Though there was little surprise by the end - how could there be? - "Notorious,'' a movie about the life and death of rapper Christopher Wallace (a.k.a. The Notorious B.I.G., a.k.a. Biggie Smalls, a.k.a. Biggie), still managed to stun, unsettle and move me. It's been 11 years since the still-unsolved murder of the hip-hop icon, and the film does a wonderful job of revisiting that dangerous yet creatively rich time in music history. For a hip-hop fiend like me, it's a bittersweet journey to the days when the Cristal was overflowing, the bling was blinding and the performers burned brightly - but briefly.
The film begins with Wallace as a Catholic-school honor student (portrayed deftly, if a bit eerily, by his son Christopher Wallace Jr.), who gets teased because of his dark skin and his weight. Despite the best efforts of his mother (Angela Bassett), the teenage Biggie ultimately gives in to the kind of peer pressure that turns into an all-too-familiar inner-city tale. He begins to deal drugs, becomes a top crack distributor and ends up in prison, where he focuses on his blossoming rhyming and writing skills. Once he gets out, Wallace (played by Jamal Woolard as an adult) competes in freestyle rap competitions on Brooklyn street corners and comes to the attention of a guy who "knows motherf--ers who know motherf--ers" who introduce him to a young producer named Sean (Puffy) Combs (Derek Luke). Watching the actors lip-sync to "Big Poppa and "Juicy onstage made me still want to bust a move some 10 years later. Along the way, Wallace hooks up with other hip-hop royalty, including Kimberly Jones, who later becomes Lil' Kim. As I watched their dysfunctional partnership on screen, I couldn't help hoping that the end could somehow be different for the Queen Bee, even as I flashed back to the conversations we'd had when she spoke sadly of trying to please Wallace by undergoing plastic surgery to fit his beauty ideal.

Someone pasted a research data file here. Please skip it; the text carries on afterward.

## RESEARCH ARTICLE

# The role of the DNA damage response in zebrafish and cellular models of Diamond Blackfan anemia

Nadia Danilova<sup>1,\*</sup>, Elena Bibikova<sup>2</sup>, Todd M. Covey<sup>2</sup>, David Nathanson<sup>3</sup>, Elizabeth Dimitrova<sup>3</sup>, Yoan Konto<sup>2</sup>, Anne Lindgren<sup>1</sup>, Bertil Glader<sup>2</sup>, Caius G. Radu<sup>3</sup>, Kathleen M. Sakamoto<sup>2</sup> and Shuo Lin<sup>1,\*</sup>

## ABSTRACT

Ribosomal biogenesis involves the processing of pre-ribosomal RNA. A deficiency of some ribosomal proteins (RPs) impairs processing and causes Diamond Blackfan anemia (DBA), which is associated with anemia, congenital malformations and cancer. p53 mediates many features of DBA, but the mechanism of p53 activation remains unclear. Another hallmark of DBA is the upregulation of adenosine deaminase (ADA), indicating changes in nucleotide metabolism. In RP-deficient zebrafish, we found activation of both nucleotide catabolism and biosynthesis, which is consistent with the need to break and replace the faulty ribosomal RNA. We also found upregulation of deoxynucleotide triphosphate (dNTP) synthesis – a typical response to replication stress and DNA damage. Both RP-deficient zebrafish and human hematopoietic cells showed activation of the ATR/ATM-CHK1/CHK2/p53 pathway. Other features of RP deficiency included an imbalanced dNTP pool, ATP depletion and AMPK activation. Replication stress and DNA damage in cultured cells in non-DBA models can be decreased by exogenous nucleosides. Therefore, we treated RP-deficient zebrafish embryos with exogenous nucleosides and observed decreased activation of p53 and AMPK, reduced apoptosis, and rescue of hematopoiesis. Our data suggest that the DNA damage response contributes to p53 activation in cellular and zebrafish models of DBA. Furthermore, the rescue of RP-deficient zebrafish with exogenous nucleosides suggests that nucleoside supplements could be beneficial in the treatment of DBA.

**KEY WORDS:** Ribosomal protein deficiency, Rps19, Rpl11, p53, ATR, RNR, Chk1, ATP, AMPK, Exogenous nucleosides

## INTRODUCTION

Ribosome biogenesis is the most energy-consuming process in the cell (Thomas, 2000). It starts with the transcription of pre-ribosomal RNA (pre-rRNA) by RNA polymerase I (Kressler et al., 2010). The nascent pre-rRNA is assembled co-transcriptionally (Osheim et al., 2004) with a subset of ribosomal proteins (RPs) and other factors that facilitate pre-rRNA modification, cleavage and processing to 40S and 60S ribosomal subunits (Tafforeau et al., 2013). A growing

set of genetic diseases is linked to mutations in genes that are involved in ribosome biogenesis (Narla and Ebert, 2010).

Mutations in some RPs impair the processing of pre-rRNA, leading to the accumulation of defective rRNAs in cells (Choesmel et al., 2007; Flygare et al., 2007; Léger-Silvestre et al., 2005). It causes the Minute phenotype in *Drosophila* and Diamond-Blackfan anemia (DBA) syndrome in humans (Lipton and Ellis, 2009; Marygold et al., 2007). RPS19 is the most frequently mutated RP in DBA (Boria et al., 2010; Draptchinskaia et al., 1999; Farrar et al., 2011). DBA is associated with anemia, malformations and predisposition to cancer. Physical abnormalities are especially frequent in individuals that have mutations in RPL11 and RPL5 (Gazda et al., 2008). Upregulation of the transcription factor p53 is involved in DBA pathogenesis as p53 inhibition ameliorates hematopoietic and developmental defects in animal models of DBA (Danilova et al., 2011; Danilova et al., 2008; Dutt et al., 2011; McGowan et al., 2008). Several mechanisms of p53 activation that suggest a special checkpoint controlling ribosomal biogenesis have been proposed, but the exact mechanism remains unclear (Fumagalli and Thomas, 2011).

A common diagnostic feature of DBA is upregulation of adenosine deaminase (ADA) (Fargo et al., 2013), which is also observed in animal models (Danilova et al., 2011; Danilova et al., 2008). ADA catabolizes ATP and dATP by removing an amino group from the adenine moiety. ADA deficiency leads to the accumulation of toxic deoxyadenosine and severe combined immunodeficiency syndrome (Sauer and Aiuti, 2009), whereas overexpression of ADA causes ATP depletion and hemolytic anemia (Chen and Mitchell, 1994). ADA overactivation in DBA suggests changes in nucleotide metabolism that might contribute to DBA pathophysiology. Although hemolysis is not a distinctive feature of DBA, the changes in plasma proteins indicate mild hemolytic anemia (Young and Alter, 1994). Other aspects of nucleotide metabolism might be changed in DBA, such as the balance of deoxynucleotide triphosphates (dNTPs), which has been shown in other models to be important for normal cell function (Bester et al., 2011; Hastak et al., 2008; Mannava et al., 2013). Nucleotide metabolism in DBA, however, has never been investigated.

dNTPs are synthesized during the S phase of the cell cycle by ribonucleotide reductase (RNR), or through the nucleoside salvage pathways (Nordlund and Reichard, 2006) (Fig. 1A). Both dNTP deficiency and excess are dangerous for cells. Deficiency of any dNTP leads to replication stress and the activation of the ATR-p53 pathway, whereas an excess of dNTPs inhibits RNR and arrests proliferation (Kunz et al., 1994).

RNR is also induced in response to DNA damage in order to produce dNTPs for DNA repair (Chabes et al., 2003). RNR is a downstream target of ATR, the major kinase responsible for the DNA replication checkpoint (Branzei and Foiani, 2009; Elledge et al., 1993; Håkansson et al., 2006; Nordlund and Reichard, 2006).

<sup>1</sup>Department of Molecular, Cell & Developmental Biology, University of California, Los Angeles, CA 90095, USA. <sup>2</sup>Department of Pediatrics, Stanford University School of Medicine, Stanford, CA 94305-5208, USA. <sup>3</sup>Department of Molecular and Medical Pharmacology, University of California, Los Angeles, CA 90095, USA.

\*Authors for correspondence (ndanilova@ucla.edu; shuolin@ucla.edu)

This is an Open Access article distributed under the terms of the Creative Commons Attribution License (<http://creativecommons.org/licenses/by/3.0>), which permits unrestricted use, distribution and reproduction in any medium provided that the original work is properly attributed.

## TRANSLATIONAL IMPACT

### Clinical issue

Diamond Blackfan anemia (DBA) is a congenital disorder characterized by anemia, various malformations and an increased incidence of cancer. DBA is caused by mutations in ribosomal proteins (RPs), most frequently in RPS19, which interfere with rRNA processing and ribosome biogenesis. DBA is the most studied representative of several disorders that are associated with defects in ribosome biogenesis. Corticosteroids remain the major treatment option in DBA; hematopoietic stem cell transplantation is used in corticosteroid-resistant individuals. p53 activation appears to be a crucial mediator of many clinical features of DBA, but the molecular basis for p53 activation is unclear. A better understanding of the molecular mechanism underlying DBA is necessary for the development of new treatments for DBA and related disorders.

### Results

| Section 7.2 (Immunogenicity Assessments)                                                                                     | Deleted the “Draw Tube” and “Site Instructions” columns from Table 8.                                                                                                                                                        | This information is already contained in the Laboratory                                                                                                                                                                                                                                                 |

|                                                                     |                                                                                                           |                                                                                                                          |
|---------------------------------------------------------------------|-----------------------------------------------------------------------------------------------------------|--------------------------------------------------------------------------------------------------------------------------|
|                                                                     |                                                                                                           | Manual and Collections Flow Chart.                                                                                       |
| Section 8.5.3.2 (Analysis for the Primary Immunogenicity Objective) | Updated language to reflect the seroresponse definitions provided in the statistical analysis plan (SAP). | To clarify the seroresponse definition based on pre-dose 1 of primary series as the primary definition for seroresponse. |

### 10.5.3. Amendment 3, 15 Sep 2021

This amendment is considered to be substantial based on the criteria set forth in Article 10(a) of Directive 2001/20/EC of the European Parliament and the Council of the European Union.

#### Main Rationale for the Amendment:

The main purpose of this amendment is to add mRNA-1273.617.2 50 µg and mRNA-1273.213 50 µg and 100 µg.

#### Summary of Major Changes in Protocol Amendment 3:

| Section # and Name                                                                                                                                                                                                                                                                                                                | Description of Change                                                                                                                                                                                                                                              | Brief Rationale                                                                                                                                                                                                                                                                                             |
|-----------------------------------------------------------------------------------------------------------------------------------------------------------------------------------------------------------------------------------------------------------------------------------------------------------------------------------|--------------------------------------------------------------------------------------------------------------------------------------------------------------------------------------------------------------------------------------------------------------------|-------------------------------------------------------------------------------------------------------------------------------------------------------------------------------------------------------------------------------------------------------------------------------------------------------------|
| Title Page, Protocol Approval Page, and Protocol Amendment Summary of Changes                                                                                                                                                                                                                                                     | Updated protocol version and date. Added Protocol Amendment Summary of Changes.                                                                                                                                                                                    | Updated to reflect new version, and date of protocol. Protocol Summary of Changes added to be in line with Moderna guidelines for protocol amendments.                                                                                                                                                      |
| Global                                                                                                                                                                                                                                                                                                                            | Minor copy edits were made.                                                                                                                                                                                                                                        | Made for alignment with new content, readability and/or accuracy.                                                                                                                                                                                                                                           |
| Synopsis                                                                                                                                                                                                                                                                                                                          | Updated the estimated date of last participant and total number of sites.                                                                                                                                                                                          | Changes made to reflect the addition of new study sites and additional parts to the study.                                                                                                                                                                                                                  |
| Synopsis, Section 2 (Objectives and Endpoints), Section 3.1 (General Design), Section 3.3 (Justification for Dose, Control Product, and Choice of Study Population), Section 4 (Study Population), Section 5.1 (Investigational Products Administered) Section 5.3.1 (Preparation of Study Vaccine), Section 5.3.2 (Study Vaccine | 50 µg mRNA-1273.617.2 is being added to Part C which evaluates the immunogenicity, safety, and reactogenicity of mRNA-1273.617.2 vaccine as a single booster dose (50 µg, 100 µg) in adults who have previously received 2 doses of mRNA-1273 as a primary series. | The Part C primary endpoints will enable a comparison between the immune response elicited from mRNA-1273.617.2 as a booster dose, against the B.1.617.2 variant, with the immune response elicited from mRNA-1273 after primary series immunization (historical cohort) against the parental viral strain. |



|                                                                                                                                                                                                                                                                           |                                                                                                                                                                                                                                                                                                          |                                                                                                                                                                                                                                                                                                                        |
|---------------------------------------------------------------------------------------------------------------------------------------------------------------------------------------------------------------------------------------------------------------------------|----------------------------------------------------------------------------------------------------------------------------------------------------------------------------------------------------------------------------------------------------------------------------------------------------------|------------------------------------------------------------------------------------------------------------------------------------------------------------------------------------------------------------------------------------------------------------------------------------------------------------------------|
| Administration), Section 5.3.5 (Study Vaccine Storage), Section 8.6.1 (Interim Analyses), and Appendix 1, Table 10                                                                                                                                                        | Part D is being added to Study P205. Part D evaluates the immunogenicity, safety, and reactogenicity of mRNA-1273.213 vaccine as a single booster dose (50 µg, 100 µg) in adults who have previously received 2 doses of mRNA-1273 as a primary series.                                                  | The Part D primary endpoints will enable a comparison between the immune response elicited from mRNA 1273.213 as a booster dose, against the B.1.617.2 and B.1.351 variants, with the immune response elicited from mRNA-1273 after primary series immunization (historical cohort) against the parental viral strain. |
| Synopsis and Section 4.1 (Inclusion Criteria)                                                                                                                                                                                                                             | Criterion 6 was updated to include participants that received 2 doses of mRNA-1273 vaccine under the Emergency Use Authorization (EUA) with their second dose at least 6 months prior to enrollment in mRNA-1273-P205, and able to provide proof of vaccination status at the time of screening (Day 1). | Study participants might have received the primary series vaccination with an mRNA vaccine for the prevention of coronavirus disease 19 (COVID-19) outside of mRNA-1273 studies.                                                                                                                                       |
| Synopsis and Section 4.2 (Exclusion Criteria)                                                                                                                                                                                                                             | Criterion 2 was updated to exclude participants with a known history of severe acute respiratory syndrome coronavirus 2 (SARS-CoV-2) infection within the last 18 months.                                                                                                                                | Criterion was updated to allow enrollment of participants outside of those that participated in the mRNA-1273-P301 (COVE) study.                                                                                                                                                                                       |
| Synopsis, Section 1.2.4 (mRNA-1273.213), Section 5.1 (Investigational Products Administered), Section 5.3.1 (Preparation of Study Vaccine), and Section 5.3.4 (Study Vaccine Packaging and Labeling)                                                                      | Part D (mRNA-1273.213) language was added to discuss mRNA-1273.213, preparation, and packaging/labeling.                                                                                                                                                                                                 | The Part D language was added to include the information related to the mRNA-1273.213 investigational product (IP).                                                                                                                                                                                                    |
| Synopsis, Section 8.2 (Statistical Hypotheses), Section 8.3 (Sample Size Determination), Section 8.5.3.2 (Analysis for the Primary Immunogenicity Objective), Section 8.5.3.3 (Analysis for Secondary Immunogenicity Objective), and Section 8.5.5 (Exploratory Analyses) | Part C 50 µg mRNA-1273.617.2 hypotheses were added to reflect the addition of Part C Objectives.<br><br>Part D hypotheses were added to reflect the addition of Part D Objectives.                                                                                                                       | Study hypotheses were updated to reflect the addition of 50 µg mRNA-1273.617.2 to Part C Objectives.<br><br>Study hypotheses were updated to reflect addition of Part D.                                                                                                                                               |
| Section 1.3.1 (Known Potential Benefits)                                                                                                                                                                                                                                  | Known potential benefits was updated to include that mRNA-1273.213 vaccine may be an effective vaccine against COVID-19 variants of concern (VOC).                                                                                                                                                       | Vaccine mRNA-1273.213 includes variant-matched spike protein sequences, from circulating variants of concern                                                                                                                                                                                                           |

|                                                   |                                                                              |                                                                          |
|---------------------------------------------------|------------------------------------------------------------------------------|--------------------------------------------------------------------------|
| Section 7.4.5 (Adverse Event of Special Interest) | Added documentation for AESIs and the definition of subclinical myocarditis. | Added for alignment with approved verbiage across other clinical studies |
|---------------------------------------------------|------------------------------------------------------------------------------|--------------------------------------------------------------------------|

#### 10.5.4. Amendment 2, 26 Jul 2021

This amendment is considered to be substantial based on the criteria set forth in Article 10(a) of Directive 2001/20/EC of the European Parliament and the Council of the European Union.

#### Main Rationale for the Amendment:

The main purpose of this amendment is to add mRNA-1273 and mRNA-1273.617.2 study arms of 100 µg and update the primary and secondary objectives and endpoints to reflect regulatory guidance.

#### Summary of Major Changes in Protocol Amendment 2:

Then there's Tupac. "Notorious'' goes to great lengths to emphasize the friendship Tupac Shakur and Wallace shared before bad blood tainted not just their relationship but the entire rap community. Shakur (Anthony Mackie) comes across as the charming and moody man he was, initially celebrating the success of Wallace's first album and giving him tips on dealing with the downside of fame. But a tumultuous marriage to singer Faith Evans, financial responsibilities and his mother's bout with breast cancer all caused Wallace's world to falter. It completely implodes when Shakur is shot and injured in the lobby of a New York record studio and he accuses Smalls (and Combs) of planning it. Seeing Wallace's anguish as Shakur casts him as the bad guy finally gives his fans some insight into the internal turmoil he suffered toward the end of his life.
The rest of the film follows the events and characters (the bicoastal rivalries, the gangs and the records that shared it all with fans) that eventually saw both Shakur and Wallace shot and killed within six months of each other. Smartly, the writers do not delve into suspicions of who killed Wallace; the long and byzantine murder investigation could be its own movie. Instead, "Notorious" highlights a time when hip-hop was arguably at the top of the pop-culture food chain and, not coincidentally, demonstrates why that moment passed with the passing of Wallace and Shakur. That becomes even clearer in the final scene, which features actual footage of Wallace's open hearse being driven through the crowded, cheer- and tear-filled streets of Brooklyn. Watching "Notorious'' was like attending a 10-year high-school reunion and reliving the good old days when the future seemed so bright.